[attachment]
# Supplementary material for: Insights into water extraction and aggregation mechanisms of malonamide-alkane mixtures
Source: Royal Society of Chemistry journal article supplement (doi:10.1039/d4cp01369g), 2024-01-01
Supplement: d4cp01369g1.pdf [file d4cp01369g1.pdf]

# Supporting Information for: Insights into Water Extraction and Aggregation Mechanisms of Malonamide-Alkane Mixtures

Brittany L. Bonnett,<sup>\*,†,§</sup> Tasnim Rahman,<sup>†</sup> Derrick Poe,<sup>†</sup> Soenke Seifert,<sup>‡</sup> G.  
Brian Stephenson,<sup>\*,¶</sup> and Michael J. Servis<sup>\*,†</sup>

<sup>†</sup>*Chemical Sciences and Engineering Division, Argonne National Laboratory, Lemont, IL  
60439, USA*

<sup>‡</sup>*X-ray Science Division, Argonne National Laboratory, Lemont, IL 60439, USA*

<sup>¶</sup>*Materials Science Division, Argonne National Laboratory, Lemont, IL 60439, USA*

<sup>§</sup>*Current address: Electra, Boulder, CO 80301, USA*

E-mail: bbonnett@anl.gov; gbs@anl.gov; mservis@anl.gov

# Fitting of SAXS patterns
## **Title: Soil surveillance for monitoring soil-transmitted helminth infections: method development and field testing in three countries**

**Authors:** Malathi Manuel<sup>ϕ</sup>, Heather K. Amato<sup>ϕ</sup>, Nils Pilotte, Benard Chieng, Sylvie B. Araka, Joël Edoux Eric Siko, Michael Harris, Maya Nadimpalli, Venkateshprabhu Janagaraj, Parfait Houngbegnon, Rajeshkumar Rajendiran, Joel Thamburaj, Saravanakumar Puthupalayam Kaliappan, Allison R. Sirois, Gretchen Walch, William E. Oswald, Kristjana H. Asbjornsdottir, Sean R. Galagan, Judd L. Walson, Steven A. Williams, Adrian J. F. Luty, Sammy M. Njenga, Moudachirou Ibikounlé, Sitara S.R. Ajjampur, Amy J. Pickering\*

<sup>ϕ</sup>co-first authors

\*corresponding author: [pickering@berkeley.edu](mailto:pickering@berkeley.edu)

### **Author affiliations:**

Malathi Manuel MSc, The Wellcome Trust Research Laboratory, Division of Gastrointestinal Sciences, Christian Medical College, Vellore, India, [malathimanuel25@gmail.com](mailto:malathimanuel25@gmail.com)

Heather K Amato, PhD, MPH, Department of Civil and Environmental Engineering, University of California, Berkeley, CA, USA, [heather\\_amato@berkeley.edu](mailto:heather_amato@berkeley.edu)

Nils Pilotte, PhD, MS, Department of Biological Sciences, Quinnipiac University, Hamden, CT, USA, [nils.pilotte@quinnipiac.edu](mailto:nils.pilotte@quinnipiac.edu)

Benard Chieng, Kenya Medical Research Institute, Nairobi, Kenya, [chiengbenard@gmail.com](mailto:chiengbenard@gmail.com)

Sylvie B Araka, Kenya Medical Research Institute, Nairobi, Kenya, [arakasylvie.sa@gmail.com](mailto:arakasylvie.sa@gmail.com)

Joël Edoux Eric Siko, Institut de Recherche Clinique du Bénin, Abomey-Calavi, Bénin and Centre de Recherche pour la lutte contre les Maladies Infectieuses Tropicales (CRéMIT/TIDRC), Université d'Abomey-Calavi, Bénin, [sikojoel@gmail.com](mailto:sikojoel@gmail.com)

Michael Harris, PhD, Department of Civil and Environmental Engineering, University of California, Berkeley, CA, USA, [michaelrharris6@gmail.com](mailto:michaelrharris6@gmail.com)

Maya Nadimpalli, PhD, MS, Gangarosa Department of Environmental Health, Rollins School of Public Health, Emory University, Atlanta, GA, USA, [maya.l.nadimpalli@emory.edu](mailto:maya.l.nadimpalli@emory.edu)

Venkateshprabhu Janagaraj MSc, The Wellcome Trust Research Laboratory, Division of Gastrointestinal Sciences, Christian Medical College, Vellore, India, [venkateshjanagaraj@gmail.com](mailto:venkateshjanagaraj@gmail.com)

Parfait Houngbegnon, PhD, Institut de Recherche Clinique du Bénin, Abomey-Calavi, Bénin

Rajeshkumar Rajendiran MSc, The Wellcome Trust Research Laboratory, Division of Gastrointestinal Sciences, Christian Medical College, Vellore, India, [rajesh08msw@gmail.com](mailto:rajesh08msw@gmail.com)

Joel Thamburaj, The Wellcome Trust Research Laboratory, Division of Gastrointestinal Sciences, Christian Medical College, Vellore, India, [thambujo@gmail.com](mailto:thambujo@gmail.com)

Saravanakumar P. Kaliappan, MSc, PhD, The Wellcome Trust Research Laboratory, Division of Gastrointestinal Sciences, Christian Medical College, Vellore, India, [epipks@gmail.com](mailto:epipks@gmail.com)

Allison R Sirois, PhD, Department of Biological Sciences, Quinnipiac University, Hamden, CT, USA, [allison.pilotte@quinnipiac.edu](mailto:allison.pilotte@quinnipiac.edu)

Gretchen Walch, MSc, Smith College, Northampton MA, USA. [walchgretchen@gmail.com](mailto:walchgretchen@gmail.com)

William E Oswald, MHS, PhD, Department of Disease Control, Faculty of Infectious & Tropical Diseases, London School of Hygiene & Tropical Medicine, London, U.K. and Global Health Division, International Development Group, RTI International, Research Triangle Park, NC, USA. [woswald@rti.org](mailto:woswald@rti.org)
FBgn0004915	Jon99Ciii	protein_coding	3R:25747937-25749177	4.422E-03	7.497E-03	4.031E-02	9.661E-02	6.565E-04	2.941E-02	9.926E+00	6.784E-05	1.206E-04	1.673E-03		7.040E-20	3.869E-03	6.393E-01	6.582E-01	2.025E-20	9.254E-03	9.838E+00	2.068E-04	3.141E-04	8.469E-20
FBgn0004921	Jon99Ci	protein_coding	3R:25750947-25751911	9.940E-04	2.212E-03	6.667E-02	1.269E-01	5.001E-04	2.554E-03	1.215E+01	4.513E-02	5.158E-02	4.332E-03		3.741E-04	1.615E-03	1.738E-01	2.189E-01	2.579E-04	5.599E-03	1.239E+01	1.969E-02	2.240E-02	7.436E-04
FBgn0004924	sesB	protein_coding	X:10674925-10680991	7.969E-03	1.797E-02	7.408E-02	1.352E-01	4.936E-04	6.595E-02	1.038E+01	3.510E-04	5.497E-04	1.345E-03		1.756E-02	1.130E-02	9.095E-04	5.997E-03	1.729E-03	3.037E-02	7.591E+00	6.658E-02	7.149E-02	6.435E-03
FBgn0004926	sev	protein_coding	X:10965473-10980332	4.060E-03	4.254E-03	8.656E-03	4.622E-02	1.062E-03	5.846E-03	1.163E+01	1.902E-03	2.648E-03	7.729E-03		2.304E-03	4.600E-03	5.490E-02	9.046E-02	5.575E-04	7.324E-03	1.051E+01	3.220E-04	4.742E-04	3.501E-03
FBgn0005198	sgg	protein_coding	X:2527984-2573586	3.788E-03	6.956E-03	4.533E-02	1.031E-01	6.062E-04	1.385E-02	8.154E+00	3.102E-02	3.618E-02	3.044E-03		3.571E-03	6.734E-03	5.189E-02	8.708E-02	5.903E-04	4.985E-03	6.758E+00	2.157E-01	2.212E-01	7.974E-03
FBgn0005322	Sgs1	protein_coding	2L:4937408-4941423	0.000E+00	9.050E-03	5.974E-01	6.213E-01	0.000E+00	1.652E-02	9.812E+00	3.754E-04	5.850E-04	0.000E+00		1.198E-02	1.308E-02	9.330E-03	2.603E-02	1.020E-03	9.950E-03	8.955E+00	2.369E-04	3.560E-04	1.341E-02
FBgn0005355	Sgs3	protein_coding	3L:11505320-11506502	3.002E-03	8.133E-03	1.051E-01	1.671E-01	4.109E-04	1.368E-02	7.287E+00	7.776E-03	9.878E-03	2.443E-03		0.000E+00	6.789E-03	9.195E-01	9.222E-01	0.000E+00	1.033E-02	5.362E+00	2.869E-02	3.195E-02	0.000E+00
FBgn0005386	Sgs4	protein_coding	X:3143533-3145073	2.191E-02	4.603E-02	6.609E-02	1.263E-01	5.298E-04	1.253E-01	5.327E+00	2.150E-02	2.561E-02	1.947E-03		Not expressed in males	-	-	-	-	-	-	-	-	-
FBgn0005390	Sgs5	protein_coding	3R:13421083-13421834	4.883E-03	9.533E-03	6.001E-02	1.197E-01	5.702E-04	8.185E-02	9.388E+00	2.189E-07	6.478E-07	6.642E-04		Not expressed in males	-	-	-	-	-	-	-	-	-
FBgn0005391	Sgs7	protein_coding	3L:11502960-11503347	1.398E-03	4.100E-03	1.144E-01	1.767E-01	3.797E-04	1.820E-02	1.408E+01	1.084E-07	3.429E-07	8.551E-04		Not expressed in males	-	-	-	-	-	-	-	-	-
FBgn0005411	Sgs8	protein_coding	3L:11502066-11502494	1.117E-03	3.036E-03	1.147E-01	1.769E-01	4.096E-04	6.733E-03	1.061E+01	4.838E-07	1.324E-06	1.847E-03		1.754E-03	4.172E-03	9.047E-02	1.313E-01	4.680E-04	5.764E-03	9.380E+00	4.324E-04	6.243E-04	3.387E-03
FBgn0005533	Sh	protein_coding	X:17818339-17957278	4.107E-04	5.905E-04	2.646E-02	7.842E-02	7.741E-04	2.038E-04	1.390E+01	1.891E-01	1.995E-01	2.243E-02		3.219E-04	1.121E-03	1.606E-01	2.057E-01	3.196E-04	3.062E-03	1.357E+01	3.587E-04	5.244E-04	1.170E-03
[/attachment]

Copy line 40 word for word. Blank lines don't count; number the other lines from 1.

FBgn0005322	Sgs1	protein_coding	2L:4937408-4941423	0.000E+00	9.050E-03	5.974E-01	6.213E-01	0.000E+00	1.652E-02	9.812E+00	3.754E-04	5.850E-04	0.000E+00		1.198E-02	1.308E-02	9.330E-03	2.603E-02	1.020E-03	9.950E-03	8.955E+00	2.369E-04	3.560E-04	1.341E-02